Seasonal Update (September 2021)

September marks the start of autumn and the chillier mornings and shorter days trigger deer to start rutting. - Credit: Marc Baldwin / British Wildlife Centre

July wound up on an autumnal note, with 69 mph (111 kmph) winds courtesy of Storm “Evert” and some heavy rain in the south over the last weekend. August started with a widespread mix of sunshine and showers with temperatures climbing into the low teens Celsius (mid-50s F). The first week started with heavy showers on and off through Monday across central and southern England, Wales, and more persistent rain in the Republic of Ireland. Northern Ireland, northern England and Scotland escaped the worst and remained dry for most of the day. Temperatures ranged from 12C (54F) in Lerwick to 21C (70F) in London. The pattern was repeated on Tuesday after a dry night, but with temperatures more widely in the low 20s. Come Wednesday, the north-west of Scotland saw some consistent heavy showers, while Ireland saw a band of rain push north and east and a rash of showers setup a diagonal line roughly from Newcastle to Birmingham. Temperatures peaked at around 22C (72F) in the sunshine in the south-east.

A large area of rain pushed in from the south-west early on Thursday morning, bringing heavy rain and gusty winds to the Republic of Ireland and western Scotland before pushing eastwards through the day such that the whole country saw some rain. The rain was more fragmented on Friday, but still heavy, particularly in Northern Ireland, Scotland, northern England and down the east coast of England. This theme continued into the first weekend, with the south of England seeing torrential rain - parts of the south-east suffering further flooding - for a few hours on Saturday morning as the rain band moved north and fragmented. Pretty much everywhere had some rain on Saturday, but in the afternoon showers were restricted mostly to the east coast of England and Republic of Ireland and western Scotland. Temperatures ranged from 18C (64F) in Stornoway to 21C in the south-east on Saturday afternoon and didn't drop far overnight, with most places in the mid-teens Celsius (high 50s F) at dawn on Sunday as further heavy and thundery showers pushed into Northern Ireland, Wales and along the coasts of western Scotland and northern England. Low pressure was centred over Scotland on Sunday resulting in a wet and blustery day for most, although the rain was much more fragmented in nature than on Saturday and moved through quickly on winds approaching 45 mph (72 kmph) along the south coast.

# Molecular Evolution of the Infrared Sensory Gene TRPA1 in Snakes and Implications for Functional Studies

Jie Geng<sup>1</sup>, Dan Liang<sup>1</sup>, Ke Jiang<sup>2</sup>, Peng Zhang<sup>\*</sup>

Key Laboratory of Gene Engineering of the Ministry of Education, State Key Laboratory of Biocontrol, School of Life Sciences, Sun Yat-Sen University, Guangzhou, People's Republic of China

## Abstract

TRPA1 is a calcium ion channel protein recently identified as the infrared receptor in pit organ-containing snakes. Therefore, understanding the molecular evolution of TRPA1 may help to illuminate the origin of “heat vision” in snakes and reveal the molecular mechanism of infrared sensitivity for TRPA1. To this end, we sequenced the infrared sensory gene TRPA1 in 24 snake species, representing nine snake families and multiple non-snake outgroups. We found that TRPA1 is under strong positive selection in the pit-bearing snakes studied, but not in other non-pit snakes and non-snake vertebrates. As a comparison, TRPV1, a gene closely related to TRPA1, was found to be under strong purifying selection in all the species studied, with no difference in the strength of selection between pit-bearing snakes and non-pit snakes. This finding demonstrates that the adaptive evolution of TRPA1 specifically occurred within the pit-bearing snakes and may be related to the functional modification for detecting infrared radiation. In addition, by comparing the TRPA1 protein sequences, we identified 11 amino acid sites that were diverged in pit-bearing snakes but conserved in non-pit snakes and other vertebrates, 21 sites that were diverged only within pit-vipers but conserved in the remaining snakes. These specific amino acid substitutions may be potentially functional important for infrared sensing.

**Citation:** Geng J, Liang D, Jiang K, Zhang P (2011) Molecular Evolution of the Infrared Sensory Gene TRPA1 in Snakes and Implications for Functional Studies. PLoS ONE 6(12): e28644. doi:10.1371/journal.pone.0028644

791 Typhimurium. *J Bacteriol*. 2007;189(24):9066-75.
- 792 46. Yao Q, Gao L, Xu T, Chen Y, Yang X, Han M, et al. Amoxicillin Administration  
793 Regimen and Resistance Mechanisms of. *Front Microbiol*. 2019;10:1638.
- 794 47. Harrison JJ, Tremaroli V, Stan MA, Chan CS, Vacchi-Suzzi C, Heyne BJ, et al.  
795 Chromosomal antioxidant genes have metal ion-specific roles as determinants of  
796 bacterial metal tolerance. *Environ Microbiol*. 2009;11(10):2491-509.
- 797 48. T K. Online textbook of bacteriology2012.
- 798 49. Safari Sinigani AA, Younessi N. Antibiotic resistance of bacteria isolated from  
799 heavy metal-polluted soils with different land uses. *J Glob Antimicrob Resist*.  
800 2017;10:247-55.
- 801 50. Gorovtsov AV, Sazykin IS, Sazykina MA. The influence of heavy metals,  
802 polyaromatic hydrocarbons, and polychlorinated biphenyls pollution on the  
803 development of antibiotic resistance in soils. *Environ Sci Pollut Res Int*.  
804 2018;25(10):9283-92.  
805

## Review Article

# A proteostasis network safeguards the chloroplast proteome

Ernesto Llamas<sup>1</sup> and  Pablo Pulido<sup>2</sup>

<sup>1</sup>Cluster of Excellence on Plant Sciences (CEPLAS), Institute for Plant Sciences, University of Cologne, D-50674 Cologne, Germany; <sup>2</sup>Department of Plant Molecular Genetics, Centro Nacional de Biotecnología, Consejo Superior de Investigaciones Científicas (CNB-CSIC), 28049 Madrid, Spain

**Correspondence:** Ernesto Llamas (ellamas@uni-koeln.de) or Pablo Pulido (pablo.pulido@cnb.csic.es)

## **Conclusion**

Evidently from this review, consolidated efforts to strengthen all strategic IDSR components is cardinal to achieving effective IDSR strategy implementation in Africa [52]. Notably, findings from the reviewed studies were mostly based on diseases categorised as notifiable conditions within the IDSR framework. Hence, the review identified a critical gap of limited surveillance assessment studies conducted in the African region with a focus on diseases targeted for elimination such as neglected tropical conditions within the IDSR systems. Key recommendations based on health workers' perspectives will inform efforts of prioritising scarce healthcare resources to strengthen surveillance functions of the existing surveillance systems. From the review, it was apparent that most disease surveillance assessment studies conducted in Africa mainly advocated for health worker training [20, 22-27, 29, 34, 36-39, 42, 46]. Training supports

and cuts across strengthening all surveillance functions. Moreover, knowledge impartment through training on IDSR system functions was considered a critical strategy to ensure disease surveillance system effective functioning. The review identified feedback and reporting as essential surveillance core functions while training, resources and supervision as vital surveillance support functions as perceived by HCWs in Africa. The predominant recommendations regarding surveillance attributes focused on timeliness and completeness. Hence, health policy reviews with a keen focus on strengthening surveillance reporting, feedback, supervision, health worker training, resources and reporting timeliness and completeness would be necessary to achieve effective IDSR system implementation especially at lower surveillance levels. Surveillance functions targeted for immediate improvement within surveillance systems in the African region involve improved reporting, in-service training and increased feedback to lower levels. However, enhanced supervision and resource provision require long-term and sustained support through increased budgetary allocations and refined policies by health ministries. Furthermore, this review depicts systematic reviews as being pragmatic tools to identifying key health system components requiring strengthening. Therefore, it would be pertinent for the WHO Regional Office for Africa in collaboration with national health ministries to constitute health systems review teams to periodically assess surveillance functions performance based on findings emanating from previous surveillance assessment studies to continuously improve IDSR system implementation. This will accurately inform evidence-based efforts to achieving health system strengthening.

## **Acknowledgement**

Parts of Northern Ireland and Scotland saw heavy rain early in August. - Credit: David Reid (CC BY-NC 2.0)

The second week started with sunshine and heavy thundery showers, and some blustery winds along the south coast. Ireland saw extensive heavy rain to begin Monday, as did Wales and central Scotland. As the day drew on the rain became more fragmented and patchier in nature, with the bulk along the south of England and Wales and the Scottish-English border. Temperatures on Monday climbed into the high teens or low 20s Celsius for most. As the week progressed, high pressure built in from the near continent, pushing the low pressures further north in the Atlantic. Wednesday started with heavy rain in Ireland and the western coast of Scotland, which pushed north and east through the day. This rain band missed most of the south and east of England, but west Wales, northern England and Scotland saw persistent heavy rain for most of the day. Away from the rain, however, in East Anglia, temperatures climbed into the mid-teens Celsius on Wednesday. The rain cleared into the North Sea overnight on Wednesday, leaving cloud in its wake across most of southern England and a muggy night, temperatures falling to only 16C (61F) in the east. High pressure from the continent pushed a little further west on Thursday, keeping the worst of the next low for Northern Ireland western Scotland, with rain more fragmented on Thursday and Friday. Quite a temperature contrast established across the UK on Thursday and Friday - highs of 15C (59F) in the north-west to 24C (75F) in the south east.